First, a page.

In Italian-speaking Switzerland, sympathy for the proposal is currently building up, according to the study by the GFS-Bern research institute. It is conceivable that a protest vote will be held there thanks to the "yes" slogans of the Lega and SVP.
In 2015, the new law on radio and television fees had already failed in Ticino. This was despite the fact that Italian-language radio and television (RSI) - which broadcasts not only to Ticino but also to the southern valleys of Graubünden - is the second-largest employer after the cantonal administration.
According to SRG statistics, RSI employs 1155 people. Of the CHF 239.2 million annual budget, only a small part comes from advertising revenue. A value creation study published in 2017 by the BAK Basel economic research institute showed that RSI, on the other hand, generates CHF 213 million in added value annually, as it also feeds many suppliers.
20 percent from fee income
With a population of around 350,000, Italian-speaking Switzerland accounts for only 4.5 per cent of the total Swiss population, but RSI receives over 20 per cent from fee income. It thus operates two TV stations and three radio stations in Italian. It is also a partner of numerous cultural events, such as the Locarno Film Festival. During the referendum campaign, the "No No Billag" committee therefore provided a number of rational reasons why the initiative should be rejected.
"If the initiative is accepted, there will be no more RSI," opponents said, calculating that this would threaten the existence not only of the broadcaster and its staff, but also of cultural organisations.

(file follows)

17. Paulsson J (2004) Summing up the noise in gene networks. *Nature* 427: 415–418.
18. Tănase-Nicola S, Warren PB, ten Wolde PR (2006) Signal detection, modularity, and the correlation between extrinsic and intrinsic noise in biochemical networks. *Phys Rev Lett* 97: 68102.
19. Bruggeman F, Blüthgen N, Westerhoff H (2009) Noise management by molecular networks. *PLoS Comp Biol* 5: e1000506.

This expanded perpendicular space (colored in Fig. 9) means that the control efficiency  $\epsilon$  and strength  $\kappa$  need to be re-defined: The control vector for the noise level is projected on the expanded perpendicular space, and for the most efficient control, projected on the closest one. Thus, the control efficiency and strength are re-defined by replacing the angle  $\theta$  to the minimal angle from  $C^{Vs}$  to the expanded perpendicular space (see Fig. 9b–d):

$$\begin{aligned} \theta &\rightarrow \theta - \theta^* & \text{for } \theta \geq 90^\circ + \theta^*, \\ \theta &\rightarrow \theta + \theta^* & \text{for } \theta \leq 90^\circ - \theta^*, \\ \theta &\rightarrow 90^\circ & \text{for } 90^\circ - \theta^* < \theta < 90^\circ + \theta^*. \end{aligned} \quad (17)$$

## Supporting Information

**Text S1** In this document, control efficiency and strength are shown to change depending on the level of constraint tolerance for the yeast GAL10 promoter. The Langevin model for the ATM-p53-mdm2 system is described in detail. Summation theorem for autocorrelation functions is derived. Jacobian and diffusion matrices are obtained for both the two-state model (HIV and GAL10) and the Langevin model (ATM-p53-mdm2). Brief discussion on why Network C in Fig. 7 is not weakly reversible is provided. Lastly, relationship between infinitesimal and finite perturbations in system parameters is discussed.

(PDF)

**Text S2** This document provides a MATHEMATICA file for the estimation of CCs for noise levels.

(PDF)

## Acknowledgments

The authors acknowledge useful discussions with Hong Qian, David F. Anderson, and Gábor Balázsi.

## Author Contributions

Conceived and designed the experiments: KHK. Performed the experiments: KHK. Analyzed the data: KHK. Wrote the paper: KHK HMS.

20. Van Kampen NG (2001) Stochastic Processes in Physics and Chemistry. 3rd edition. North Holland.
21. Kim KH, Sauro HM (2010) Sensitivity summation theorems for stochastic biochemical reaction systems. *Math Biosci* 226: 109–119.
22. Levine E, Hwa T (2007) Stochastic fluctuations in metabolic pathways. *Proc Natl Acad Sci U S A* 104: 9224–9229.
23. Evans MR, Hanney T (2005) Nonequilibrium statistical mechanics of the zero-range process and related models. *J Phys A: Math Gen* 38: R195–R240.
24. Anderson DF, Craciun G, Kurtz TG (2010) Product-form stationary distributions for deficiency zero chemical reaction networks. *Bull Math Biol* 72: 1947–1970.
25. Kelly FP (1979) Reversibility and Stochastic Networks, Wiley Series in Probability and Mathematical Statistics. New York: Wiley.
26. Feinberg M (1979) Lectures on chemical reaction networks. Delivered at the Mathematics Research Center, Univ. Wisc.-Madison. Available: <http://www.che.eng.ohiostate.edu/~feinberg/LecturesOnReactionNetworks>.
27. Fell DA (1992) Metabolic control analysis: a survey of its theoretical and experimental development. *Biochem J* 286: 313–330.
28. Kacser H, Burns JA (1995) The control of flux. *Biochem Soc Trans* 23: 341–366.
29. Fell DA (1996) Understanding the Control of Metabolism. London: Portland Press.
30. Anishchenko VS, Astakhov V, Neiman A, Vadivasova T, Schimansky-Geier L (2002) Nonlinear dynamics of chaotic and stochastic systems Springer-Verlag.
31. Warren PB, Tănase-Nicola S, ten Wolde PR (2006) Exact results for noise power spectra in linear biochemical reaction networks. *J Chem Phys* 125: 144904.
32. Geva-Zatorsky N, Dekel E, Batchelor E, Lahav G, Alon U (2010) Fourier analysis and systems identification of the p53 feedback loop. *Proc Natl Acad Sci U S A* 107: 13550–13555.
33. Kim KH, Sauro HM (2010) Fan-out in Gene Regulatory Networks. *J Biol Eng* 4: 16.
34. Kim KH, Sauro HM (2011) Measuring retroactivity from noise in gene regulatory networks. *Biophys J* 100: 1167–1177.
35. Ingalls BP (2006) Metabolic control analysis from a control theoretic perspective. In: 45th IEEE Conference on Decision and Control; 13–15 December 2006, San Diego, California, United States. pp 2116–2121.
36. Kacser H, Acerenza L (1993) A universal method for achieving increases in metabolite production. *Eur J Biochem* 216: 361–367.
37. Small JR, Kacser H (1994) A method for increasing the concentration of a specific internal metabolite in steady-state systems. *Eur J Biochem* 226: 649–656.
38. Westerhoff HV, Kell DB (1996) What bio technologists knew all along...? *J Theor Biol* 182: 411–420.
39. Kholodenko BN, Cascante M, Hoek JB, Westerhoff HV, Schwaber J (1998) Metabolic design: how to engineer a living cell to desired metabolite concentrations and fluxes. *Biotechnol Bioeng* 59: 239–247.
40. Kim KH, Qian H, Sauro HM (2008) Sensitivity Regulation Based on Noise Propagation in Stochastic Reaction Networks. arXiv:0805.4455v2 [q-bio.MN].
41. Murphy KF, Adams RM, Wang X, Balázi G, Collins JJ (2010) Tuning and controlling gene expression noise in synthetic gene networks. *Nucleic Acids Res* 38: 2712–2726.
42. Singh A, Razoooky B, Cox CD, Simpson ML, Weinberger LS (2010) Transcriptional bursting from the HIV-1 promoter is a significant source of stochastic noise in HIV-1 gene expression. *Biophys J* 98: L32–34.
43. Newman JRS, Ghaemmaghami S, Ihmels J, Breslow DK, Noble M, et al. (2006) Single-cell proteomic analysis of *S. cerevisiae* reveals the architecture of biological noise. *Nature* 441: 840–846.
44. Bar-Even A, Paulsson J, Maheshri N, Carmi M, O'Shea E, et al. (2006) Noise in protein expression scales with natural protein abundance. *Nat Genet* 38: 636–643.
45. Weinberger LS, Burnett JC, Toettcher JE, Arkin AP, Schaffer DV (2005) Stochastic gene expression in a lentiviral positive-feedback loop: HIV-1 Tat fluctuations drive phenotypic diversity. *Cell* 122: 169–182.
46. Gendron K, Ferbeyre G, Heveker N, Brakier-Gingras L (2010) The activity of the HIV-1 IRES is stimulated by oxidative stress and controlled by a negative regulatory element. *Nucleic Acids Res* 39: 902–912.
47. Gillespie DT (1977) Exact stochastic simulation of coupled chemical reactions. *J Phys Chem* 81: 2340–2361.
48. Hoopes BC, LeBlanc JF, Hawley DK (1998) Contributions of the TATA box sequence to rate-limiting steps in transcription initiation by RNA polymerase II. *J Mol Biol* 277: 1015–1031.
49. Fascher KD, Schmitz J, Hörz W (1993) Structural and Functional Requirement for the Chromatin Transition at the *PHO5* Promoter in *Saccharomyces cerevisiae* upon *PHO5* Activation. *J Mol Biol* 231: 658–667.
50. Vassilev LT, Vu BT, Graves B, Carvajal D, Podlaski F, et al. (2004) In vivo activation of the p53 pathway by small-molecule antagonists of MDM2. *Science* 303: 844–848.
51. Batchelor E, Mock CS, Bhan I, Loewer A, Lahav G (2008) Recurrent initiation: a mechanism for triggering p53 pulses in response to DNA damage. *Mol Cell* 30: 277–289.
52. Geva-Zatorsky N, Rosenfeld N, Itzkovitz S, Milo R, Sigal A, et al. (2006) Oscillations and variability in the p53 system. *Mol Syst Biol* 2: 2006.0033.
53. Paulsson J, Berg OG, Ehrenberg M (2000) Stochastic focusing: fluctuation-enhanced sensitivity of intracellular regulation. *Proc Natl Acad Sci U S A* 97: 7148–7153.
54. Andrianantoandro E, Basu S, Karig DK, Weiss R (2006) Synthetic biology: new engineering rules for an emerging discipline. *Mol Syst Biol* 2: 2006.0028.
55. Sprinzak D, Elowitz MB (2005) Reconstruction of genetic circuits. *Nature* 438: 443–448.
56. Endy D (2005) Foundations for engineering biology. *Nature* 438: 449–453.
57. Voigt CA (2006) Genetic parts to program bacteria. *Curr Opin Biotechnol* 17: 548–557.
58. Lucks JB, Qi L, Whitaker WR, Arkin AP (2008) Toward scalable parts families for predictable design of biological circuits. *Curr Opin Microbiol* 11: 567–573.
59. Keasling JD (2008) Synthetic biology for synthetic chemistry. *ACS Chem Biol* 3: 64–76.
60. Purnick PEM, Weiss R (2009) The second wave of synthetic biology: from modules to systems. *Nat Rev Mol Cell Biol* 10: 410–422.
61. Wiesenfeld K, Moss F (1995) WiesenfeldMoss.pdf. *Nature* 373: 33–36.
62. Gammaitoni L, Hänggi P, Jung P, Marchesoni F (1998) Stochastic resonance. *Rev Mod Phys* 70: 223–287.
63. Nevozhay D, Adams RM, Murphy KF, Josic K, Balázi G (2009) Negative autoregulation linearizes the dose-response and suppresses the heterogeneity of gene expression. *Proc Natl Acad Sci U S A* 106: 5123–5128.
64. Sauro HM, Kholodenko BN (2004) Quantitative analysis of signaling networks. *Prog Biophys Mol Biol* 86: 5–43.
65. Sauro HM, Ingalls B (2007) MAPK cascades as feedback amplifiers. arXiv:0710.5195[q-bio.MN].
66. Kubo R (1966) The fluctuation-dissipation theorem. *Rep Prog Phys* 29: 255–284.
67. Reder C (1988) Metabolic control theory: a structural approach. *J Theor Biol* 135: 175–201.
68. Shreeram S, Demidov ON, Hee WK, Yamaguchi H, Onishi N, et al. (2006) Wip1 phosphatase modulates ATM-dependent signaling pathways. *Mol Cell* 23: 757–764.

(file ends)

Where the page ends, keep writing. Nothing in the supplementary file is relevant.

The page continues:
Protest vote from the gut possible
But as with many votes, in Ticino this time too reason weighs less heavily than a vague gut feeling served up by the Lega dei Ticinesi. Since its inception, when it still had its late president Giuliano Bignasca, it has railed against the fee system as an additional burden imposed on the poor southern canton by the German-speaking Swiss.
This argument is now also being used by the proponents of the initiative. The fee is the most expensive in Europe, and this for a "state radio and -", which does not work in the interest of the population, but for immigrants, criticized National Councillor Lorenzo Quadri at his recent television appearance.
In doing so, he is preaching to a large part of the Ticino population. The poverty rate in Ticino is rising, the number of people dependent on social welfare increased by around 2.5 percent in 2017, and the feeling of constant economic pressure makes any further fee a spectre.
But even the Lega and the SVP are not unanimous. Marco Borradori, the president of Lugano's Lega, told SDA that if the initiative were to be adopted, not only would RSI's jobs be lost in Comano, a neighbouring municipality of Lugano, but also those of its suppliers.
Population is close to private broadcasters
For all the reasons of reason, relatively little attention is paid to popular feeling. In southern Switzerland, this is close to the young and very active private stations. The most recent example of this was Radio3i, where two presenters managed to break the world record for continuous presentation.
It seemed as if the whole canton was cheering along. More than a thousand people gathered in front of the radio building and held out until the record - over eighty hours of non-stop moderation - was broken. Afterwards there were tearful hugs and a long celebration. Compared to such a hands-on station, RSI appears more aloof, bureaucratic and out of touch, even when it organizes concerts with stars. (Barbara Hofmann/SDA)